If rates decreases, our interest income is $17.5m (reference the above table for that). But, because we would be forced to buy at $103% of face value, rather than the 93% that we got into when rates decreased, we lose $5,000. The price increases by 5% when rates decrease by 1%
But, that still results in a net interest income of $12.5m ($17.5 – $5)
So the net effect of interest rates decreasing or increasing when we hedge our positions with futures is zero. We have the same net interest income either way.
Interest Income | Profit/Loss | Net Interest Income | |
Rate Increase (price decreases – good) | $7.5m | $5m | $12.5m |
Rate Decrease (price increases – bad) | $17.5m | $5m | $12.5m |
But that is an oversimplification, unfortunately.
When interest rates decrease, people are going to refinance their mortgages. They aren’t going to keep paying at a higher rate if they can find a lower one. That would reduce their monthly interest payments and free up their income flow for other purposes.
So if the interest rate decreases from 4% to 3%, let’s say that $150m of the $500, of mortgages are refinanced at that 3% number. So $350m remain at a 4% interest rate. From the original $500m, we have:
- Interest income = ($350m x .04) + ($150m x .03) = $18.5m
- Interest expense = $500m x 0.5% = $2.5m
- Net Interest Income = $18.5 – $2.5 = $16m
Refinancing Mortgages at a Lower Interest Rate
Interest Income | Interest Expense | Net Interest Income | |
Interest Rate Increase (prices decrease)*remains untouched because people arent going to refinance at a higher rate |
$20m | $12.5 | $7.5m |
Interest Rate Decrease (prices increase)*encourages people to refinance |
$18.5m | $2.5m | $16m |
So the problem when people refinance their mortgages is that if they are unhedged, there is a range of net interest income from $7.5m to $16m. Pretty volatile. When rates decrease, we get $16m in net interest income, but if they increase, we only get $7.5m.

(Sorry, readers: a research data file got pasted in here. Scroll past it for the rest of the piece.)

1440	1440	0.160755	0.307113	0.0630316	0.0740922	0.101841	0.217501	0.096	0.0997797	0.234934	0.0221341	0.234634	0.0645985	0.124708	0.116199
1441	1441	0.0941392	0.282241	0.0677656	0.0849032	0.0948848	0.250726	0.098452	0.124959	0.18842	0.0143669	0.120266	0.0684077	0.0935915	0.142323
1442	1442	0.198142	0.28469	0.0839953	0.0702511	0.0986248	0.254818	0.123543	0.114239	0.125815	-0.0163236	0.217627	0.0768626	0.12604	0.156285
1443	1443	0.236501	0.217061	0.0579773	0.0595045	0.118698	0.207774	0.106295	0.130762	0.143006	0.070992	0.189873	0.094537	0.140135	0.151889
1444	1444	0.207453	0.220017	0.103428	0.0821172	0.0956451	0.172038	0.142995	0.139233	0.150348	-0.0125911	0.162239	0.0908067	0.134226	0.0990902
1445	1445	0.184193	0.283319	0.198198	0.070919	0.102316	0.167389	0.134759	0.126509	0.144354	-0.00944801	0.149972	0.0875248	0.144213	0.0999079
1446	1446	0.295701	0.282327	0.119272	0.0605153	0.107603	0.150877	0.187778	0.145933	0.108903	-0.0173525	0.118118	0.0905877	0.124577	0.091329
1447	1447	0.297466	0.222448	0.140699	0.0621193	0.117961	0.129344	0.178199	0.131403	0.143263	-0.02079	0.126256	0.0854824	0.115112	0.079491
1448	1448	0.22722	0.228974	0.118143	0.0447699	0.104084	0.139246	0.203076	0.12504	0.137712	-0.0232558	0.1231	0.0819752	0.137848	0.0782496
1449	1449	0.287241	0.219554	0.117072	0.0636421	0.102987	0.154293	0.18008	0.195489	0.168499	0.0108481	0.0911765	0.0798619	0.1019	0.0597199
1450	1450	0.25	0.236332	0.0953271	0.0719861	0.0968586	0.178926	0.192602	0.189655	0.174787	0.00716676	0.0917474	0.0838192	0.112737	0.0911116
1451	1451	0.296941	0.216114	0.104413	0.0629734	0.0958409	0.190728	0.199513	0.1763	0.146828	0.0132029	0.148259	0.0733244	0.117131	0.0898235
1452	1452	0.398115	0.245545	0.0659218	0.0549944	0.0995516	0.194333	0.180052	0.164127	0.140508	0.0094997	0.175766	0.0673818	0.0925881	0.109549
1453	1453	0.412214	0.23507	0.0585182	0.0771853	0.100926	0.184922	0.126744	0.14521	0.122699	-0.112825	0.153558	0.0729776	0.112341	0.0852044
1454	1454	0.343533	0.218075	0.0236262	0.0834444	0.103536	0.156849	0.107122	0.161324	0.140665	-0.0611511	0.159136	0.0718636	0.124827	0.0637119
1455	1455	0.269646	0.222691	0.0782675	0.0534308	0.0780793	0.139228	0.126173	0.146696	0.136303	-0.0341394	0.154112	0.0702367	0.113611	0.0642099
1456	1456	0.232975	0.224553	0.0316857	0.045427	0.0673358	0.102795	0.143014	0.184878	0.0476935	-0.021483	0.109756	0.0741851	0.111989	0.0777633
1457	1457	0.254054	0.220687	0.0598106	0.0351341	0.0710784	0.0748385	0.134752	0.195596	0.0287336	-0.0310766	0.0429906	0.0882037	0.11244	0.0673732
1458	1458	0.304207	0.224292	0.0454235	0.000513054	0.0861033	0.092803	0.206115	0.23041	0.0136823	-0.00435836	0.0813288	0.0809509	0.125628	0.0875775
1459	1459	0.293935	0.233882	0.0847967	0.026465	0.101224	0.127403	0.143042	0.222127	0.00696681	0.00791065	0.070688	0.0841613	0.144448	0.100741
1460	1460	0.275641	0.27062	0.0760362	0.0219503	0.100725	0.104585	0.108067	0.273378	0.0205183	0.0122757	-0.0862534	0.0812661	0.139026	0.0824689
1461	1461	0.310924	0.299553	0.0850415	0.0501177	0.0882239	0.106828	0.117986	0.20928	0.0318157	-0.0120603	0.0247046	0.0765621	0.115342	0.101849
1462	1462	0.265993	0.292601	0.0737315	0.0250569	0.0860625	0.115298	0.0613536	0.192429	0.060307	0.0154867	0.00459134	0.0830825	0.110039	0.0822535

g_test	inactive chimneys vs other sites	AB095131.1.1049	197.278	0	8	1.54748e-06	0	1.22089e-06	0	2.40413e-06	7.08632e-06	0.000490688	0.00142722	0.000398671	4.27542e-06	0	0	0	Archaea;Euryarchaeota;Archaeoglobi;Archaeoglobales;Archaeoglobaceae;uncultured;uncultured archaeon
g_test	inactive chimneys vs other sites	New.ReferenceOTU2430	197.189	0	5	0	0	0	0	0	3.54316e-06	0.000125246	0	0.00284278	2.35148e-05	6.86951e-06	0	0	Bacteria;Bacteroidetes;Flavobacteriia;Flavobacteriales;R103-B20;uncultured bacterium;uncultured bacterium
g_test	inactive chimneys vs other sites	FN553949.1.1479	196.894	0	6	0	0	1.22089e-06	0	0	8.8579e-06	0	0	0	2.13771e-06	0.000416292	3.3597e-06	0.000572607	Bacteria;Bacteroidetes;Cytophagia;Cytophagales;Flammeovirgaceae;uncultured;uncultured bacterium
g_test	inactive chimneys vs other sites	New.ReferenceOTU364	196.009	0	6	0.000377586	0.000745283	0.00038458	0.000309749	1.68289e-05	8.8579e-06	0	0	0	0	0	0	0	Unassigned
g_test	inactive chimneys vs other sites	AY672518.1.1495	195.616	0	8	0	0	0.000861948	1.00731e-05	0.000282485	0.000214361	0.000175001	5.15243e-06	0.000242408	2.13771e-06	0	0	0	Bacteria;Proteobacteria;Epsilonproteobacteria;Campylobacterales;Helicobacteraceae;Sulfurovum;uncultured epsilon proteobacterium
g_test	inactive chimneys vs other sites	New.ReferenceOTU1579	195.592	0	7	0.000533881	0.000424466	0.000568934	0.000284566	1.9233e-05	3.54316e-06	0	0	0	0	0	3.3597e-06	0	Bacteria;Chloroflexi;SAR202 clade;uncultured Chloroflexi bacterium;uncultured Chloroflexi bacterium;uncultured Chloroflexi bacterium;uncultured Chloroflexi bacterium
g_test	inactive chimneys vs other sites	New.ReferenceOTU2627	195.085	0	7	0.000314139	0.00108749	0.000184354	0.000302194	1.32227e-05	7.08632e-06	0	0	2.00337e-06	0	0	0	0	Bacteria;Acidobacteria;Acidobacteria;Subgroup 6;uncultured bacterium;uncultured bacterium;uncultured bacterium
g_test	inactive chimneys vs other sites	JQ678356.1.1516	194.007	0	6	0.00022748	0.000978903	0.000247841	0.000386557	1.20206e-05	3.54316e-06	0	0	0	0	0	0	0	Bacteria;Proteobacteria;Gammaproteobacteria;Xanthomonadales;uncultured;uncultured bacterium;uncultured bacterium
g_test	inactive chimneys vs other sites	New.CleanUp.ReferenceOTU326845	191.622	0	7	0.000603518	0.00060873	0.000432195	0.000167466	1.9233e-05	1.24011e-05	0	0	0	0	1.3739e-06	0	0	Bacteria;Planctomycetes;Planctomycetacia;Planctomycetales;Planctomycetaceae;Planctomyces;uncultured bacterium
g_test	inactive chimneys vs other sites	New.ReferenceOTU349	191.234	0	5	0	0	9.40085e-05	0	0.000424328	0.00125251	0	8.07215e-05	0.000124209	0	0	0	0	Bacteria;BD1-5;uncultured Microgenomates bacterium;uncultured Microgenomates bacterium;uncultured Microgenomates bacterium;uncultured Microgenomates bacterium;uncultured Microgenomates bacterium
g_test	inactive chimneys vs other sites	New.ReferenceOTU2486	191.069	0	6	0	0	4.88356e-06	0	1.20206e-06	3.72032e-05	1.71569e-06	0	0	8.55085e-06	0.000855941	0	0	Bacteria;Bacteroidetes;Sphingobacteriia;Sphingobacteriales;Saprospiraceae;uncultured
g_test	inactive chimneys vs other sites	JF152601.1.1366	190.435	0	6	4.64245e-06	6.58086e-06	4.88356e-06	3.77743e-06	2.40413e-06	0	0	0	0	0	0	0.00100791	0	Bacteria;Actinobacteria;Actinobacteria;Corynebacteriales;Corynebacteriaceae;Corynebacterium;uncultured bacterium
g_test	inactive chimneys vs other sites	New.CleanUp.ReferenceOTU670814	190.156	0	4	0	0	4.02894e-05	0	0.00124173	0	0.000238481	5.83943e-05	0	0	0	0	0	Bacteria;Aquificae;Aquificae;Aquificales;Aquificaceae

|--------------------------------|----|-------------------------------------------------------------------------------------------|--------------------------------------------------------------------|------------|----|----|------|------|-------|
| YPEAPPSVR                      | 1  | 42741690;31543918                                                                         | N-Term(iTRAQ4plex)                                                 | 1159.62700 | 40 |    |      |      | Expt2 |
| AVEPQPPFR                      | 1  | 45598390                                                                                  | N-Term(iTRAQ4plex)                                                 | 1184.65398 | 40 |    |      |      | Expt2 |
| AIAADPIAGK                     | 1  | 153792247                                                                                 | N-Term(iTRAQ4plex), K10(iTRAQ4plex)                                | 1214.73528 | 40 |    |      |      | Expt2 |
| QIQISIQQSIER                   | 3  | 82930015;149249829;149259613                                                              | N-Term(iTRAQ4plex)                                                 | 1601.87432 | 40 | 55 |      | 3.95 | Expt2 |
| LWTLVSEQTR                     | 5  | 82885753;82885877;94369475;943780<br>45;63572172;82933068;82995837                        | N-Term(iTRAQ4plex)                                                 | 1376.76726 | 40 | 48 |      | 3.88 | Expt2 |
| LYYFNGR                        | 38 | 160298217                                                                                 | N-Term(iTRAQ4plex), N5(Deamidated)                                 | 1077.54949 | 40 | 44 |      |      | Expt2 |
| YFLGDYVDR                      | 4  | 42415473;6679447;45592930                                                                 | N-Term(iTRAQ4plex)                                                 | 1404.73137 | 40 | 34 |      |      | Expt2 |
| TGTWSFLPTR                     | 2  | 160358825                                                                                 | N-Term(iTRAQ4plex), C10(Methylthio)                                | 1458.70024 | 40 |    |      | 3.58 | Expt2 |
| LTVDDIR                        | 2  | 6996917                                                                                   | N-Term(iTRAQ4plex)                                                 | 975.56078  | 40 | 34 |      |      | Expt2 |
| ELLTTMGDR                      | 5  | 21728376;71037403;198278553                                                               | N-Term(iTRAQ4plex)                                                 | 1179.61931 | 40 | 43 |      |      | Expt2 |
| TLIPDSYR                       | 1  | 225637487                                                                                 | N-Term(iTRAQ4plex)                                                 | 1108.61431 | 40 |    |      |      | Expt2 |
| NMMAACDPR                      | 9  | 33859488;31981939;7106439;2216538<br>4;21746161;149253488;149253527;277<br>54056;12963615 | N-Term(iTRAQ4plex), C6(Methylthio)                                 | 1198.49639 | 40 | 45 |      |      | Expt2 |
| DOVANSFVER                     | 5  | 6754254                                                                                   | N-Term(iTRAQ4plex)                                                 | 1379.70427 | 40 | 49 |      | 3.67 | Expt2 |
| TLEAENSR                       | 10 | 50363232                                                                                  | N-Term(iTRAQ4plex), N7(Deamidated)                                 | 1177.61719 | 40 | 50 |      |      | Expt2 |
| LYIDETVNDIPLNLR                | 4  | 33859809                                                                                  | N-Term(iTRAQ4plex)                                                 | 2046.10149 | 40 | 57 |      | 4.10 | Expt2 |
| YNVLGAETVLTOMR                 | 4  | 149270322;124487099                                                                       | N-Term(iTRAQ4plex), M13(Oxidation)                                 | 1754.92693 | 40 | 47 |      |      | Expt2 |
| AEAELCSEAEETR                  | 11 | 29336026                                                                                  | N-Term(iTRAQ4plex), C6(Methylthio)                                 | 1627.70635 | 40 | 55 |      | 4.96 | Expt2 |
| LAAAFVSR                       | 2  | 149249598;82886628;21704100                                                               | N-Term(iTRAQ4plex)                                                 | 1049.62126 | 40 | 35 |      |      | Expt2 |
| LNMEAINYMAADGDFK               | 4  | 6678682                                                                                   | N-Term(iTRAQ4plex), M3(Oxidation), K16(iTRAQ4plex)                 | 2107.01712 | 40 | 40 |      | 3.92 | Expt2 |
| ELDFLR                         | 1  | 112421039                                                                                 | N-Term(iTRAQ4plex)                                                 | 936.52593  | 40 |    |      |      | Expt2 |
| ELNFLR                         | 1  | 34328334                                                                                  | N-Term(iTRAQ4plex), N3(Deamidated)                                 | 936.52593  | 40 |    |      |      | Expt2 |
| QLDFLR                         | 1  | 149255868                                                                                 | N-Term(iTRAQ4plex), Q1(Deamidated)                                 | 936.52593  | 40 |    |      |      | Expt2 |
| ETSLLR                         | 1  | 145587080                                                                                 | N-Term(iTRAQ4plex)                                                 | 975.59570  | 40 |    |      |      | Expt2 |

However, when we hedge our position with futures, we have a much smaller range.
Interest Income | Profit/Loss | Net Interest Income | |
Rate increase | $7.5m | $5,000 | $12.5m |
Rate decreases | $16m | $5,000 | $11m |
But the problem with futures is that we are overprotected for a rate increase. We are hedged well for that situation, but are overhedged for a fall in interest rates and end up losing income because of that.
Hedging with Options
So what if we moved into options instead of futures? What benefits would that offer us?
Let’s assume that you can purchase a 1 year put option on a bond for an exercise price of 98-00. You pay a premium of $2,000 for that put option. This premium is multiplied by the number of contracts, which is 1,000 and thus, your overall premium is $2,000,000.
If rates increase by 1%, just like the other example with futures, the price of the bond is going to decrease to 93-00.